If you are having a conversation with someone and you find yourself struck with boredom, chances are it is not a failure on your part, not a result of your mere laziness. I would bet that the failure rests with the person your speaking to, your interlocutor. I’m under the opinion that there no boring ideas. Just boring people.

After all, we’re sensual creatures. We thrive on stimulation. Nearly all of communication is nonverbal (Knapp). Sight and sound comprise 94% of our sensory inputs, 84% and 11% respectively. The American educator Marva Collins said that “The essence of teaching is to make learning contagious, to have one idea spark another.” I couldn’t agree more. I believe that at the heart of this contagion is a resonating passion, an enthusiasm that generates a visceral reaction, a mutually shared connection with another person.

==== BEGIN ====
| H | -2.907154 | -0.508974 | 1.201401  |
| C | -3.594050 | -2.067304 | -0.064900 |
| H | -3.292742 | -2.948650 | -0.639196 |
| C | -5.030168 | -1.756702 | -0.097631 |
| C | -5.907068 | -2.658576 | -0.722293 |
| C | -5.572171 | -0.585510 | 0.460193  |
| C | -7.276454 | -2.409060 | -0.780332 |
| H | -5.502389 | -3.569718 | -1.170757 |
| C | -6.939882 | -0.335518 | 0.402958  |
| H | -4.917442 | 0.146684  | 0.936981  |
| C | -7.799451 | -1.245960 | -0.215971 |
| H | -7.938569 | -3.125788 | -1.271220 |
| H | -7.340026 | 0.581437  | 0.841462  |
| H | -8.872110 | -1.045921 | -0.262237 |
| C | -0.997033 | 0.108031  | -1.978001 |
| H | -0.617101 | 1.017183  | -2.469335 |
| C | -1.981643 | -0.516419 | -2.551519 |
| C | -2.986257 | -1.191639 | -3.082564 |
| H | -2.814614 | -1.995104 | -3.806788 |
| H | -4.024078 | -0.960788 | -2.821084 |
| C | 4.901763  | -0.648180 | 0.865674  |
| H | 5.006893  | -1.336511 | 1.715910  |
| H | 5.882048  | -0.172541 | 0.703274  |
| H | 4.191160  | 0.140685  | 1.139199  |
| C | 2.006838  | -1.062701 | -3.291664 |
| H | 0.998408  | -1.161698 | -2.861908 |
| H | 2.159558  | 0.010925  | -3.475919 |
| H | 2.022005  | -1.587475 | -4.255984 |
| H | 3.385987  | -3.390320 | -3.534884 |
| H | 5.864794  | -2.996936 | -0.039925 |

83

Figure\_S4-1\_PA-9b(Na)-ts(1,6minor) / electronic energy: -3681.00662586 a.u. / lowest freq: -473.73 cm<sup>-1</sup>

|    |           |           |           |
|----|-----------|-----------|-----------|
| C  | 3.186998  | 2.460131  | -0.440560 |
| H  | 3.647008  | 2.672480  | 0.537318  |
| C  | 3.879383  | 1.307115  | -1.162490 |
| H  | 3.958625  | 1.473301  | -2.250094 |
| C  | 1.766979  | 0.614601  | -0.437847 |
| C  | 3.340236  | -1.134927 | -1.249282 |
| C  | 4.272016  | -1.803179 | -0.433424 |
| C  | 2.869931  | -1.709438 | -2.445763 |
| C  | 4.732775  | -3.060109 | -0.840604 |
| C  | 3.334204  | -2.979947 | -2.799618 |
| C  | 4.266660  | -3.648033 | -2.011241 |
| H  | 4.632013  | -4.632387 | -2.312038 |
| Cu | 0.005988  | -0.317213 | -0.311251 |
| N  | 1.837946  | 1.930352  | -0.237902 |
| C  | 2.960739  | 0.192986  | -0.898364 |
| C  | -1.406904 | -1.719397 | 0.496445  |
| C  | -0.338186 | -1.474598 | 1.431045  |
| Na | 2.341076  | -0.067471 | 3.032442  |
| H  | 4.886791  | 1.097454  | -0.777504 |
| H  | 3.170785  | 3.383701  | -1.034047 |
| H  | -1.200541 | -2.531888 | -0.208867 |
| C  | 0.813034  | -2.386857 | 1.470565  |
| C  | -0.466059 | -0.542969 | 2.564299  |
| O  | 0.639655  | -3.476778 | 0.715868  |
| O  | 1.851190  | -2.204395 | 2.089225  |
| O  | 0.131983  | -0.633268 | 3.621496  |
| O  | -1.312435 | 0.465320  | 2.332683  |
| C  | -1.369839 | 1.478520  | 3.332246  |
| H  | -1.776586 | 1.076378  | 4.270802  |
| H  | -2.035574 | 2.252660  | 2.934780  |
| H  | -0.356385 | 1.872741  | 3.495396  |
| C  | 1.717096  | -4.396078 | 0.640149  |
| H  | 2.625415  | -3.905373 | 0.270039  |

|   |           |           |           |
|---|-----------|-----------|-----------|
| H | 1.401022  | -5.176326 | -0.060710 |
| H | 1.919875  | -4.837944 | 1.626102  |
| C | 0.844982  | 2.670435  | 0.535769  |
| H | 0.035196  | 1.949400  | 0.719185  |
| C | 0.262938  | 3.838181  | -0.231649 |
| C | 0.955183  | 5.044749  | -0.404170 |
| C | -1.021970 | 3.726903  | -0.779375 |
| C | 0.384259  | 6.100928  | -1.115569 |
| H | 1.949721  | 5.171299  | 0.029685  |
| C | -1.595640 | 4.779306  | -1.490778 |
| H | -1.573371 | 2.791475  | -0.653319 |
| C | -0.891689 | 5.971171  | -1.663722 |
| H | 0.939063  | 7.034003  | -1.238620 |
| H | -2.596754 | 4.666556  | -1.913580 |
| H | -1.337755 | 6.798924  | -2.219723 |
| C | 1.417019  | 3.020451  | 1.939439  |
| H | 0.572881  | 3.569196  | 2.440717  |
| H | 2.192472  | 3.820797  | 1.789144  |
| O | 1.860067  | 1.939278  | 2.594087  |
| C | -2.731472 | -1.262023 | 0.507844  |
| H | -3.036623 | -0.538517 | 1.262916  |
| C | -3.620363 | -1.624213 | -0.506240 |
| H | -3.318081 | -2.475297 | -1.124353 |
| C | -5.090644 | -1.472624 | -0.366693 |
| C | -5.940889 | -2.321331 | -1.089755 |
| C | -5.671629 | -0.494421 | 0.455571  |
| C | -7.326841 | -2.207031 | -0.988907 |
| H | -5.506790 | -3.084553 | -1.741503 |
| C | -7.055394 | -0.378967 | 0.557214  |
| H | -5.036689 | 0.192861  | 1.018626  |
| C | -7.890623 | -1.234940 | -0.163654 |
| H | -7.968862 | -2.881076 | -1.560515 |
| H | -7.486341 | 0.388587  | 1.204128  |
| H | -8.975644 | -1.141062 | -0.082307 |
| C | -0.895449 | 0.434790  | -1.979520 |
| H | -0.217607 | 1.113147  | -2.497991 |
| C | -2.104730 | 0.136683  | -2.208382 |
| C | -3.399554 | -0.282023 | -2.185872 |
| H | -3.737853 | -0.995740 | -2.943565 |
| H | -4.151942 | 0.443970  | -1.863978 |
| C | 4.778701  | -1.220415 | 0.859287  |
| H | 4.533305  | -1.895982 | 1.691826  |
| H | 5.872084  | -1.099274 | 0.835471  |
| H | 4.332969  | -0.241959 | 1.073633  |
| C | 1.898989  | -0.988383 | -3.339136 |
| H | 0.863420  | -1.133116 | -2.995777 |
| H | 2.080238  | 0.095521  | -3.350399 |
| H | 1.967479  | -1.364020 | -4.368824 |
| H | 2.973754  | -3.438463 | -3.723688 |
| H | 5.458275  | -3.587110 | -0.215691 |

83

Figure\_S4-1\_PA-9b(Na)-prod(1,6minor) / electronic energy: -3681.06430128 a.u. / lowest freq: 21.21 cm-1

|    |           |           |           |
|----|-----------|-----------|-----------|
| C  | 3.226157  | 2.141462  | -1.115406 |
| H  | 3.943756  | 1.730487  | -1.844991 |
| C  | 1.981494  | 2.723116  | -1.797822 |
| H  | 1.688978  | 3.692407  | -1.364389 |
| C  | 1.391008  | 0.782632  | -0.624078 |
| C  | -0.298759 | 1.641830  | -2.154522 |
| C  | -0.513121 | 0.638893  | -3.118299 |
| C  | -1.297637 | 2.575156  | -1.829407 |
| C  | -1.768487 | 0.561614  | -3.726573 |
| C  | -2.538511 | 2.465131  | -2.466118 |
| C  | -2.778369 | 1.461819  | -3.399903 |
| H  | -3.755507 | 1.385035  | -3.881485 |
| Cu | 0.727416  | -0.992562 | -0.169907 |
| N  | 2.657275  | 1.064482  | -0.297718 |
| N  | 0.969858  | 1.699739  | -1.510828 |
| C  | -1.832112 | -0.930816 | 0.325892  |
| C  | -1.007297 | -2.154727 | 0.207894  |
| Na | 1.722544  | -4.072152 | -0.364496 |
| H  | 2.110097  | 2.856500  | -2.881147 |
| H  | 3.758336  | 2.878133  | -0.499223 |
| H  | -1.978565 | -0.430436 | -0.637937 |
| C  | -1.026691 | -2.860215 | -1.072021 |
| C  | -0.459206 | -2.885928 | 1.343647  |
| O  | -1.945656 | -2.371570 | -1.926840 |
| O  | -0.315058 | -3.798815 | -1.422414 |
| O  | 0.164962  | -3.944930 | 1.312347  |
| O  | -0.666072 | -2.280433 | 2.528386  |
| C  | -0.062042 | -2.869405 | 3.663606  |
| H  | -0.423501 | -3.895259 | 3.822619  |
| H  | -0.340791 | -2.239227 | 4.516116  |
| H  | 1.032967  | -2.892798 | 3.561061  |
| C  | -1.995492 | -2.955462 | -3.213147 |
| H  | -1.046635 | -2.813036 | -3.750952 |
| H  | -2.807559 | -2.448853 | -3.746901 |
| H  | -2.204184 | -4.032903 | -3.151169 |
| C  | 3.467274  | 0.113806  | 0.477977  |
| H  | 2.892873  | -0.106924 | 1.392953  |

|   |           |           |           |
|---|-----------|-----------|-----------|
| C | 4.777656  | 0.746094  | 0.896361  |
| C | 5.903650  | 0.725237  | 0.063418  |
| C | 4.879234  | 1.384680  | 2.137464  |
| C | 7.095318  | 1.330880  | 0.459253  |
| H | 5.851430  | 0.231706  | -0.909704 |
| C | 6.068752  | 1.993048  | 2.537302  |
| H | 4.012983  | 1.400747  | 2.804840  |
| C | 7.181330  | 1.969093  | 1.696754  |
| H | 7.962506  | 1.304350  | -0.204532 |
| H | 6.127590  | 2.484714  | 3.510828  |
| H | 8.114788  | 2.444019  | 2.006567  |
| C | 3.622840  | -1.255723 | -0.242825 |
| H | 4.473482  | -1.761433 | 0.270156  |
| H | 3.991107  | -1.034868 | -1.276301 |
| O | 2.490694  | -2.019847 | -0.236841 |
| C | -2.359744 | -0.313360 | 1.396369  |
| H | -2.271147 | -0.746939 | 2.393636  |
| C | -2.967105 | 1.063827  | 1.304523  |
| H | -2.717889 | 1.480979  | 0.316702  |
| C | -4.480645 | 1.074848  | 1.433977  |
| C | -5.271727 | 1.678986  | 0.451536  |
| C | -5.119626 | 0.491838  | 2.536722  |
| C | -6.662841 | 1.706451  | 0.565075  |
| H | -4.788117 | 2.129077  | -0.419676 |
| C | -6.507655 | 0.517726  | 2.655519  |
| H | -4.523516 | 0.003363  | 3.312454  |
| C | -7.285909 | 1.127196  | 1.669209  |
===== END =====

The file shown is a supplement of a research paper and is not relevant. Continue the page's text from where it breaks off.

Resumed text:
Regarding education, why do we find that the responsibility for learning and adequate understanding rests with the student? Assuming that students have a vested interest in gaining knowledge of the material, why would we dismiss them as merely lazy or unmotivated when they find it unbearably difficult to fight through boredom and apprehend a classroom lecture?

When a student enters a classroom prepared to learn new material, they begin without a context. Even when reading the text is a prerequisite to coming to class, there is still an absence of ultimate relevant context: why should a student be expected to understand the relevancy and relationships within the context being presented? They shouldn’t. But this is the prevailing attitude maintained by formal education.